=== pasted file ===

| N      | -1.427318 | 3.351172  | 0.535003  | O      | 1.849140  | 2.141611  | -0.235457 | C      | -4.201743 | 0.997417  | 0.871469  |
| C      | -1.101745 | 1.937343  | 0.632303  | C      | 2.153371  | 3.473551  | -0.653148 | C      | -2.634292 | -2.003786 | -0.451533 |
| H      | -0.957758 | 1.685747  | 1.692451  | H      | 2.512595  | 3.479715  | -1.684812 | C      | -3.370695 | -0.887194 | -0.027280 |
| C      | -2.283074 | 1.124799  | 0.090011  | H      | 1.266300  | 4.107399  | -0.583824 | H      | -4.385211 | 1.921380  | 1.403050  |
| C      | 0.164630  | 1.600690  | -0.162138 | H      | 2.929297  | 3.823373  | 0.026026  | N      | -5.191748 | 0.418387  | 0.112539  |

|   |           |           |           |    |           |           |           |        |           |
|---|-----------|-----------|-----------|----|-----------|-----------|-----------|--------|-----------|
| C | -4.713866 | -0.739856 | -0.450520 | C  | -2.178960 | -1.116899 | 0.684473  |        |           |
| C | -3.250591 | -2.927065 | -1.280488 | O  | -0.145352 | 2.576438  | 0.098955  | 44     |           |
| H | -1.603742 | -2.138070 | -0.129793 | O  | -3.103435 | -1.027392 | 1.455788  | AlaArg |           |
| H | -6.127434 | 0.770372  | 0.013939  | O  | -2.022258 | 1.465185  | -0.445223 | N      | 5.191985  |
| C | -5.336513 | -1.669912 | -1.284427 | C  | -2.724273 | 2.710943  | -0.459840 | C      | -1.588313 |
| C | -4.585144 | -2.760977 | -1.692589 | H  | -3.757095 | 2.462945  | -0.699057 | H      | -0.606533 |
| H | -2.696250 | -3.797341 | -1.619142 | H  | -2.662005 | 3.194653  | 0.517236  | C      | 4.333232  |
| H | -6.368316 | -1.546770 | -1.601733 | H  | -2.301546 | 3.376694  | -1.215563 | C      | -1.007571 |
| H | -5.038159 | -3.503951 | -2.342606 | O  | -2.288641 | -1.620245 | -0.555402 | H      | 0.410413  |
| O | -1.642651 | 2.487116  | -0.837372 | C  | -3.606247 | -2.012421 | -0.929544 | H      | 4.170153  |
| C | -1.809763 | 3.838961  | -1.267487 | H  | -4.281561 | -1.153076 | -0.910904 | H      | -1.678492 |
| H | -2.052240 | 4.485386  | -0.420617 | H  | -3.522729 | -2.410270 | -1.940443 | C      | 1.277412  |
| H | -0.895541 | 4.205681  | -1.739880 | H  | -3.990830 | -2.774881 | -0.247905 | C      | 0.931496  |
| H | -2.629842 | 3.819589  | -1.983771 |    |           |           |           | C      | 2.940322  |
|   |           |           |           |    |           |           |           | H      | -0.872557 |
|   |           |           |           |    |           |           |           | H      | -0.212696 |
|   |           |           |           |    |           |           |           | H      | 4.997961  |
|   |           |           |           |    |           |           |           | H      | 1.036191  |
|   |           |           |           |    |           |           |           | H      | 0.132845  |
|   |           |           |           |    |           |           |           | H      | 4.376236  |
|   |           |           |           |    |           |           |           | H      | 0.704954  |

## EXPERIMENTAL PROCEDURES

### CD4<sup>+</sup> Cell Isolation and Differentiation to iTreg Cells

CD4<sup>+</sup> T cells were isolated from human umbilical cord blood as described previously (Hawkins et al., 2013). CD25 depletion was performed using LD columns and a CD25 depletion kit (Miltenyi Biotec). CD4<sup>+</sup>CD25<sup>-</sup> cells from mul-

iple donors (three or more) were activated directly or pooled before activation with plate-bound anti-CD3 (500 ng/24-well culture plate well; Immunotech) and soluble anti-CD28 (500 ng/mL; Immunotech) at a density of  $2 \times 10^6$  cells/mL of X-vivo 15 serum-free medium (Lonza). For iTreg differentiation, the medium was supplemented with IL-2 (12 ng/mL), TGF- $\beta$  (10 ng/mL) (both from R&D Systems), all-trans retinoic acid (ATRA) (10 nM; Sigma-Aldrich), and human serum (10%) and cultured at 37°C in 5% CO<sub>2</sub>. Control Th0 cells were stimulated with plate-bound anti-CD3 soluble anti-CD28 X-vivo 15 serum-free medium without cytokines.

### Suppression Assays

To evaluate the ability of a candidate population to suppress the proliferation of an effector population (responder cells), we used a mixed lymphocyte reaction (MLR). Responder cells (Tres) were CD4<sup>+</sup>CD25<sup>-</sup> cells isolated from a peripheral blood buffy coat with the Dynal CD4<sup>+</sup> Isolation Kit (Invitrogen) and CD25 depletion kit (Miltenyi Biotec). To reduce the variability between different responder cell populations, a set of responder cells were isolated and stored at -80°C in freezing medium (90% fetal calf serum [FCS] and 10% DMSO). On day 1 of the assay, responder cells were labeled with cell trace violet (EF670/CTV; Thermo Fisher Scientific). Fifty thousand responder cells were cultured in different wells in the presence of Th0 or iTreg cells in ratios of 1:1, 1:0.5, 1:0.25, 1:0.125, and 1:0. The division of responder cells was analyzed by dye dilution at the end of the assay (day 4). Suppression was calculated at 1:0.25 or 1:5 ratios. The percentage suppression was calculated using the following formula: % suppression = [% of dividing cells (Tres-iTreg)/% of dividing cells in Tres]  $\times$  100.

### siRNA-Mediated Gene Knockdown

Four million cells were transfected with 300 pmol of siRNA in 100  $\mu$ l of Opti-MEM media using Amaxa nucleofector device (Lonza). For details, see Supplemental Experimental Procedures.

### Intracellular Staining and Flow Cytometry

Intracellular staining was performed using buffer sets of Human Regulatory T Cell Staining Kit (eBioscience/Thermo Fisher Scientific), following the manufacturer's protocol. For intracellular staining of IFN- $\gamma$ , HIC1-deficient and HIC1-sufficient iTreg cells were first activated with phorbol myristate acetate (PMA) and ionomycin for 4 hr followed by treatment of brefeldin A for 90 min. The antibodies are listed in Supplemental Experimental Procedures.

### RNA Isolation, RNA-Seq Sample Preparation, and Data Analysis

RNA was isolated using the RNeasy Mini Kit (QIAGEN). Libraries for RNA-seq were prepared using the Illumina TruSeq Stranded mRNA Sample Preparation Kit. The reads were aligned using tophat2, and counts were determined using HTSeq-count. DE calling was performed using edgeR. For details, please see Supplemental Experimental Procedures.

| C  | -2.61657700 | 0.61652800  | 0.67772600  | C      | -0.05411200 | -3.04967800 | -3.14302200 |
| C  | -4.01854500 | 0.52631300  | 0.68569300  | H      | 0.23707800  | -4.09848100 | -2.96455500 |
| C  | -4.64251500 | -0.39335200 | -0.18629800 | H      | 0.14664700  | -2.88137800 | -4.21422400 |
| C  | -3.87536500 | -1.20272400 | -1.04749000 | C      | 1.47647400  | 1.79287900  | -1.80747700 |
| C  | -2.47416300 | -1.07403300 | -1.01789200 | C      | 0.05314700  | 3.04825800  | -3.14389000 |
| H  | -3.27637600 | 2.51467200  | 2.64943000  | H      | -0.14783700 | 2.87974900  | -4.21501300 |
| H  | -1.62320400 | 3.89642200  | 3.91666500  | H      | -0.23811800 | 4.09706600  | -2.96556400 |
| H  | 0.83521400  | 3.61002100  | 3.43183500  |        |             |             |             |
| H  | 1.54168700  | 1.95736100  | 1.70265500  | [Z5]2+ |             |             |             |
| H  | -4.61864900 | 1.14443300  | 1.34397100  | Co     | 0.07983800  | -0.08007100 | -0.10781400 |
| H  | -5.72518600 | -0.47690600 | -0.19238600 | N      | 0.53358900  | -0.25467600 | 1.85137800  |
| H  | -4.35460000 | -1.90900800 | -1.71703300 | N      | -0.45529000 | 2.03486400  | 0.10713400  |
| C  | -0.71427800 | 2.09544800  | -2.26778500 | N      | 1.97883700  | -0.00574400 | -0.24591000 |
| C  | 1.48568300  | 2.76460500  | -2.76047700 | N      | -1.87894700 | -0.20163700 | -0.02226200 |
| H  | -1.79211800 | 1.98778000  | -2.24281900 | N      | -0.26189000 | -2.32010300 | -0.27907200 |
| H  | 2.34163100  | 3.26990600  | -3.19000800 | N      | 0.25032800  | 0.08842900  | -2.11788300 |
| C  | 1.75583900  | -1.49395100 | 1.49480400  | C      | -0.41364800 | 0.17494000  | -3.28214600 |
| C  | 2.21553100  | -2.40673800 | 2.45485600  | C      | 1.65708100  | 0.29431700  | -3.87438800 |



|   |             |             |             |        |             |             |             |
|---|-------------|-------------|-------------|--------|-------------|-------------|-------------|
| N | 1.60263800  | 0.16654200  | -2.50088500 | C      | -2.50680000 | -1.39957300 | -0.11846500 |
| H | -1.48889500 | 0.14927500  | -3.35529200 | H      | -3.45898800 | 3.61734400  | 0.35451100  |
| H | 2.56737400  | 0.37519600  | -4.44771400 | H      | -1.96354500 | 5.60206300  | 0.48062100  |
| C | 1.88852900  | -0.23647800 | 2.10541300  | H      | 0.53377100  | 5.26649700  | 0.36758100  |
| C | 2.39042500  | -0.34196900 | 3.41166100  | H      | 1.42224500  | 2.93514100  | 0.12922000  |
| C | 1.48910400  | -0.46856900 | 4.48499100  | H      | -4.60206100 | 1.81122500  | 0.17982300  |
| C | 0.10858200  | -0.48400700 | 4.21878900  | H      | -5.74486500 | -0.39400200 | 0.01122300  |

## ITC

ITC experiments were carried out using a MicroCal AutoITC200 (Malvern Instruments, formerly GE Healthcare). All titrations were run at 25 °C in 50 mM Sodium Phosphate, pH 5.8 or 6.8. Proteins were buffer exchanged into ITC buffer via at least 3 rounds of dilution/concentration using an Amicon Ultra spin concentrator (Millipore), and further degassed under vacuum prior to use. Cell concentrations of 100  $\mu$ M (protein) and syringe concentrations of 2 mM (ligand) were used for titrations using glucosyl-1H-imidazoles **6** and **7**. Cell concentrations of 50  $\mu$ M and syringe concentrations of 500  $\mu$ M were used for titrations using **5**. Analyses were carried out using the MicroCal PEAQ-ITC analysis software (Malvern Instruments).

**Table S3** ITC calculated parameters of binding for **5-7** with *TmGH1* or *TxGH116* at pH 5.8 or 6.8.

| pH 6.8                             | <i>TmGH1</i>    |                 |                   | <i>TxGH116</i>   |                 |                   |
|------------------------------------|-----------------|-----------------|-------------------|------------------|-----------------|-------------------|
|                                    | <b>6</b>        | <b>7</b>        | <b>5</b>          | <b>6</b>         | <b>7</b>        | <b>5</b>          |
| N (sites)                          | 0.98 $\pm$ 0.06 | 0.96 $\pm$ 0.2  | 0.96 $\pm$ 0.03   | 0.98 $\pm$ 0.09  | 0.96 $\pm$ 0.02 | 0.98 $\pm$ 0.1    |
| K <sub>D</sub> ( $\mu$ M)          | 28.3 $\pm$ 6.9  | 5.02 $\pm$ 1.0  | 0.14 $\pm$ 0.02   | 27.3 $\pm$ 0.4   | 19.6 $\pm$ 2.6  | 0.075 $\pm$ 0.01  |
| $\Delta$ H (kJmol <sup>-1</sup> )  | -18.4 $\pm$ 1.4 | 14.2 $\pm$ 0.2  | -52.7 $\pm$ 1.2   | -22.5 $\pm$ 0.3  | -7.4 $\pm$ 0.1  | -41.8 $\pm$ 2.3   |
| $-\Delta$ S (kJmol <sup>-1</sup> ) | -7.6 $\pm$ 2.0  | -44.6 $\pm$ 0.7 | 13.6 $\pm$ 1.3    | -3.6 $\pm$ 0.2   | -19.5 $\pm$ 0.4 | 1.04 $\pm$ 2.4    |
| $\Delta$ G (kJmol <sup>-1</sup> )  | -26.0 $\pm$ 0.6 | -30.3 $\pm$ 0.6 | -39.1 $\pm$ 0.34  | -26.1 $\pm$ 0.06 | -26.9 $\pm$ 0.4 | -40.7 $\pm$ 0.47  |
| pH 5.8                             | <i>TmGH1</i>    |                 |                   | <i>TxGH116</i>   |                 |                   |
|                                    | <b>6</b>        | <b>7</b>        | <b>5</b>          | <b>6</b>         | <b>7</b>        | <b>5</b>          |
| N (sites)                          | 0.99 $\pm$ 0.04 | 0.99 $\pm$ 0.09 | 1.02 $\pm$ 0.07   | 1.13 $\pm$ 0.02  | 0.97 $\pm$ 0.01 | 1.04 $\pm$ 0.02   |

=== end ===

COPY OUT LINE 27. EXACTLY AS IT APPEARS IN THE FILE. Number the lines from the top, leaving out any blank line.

|   |           |           |           |    |           |           |           | H      | 4.376236  |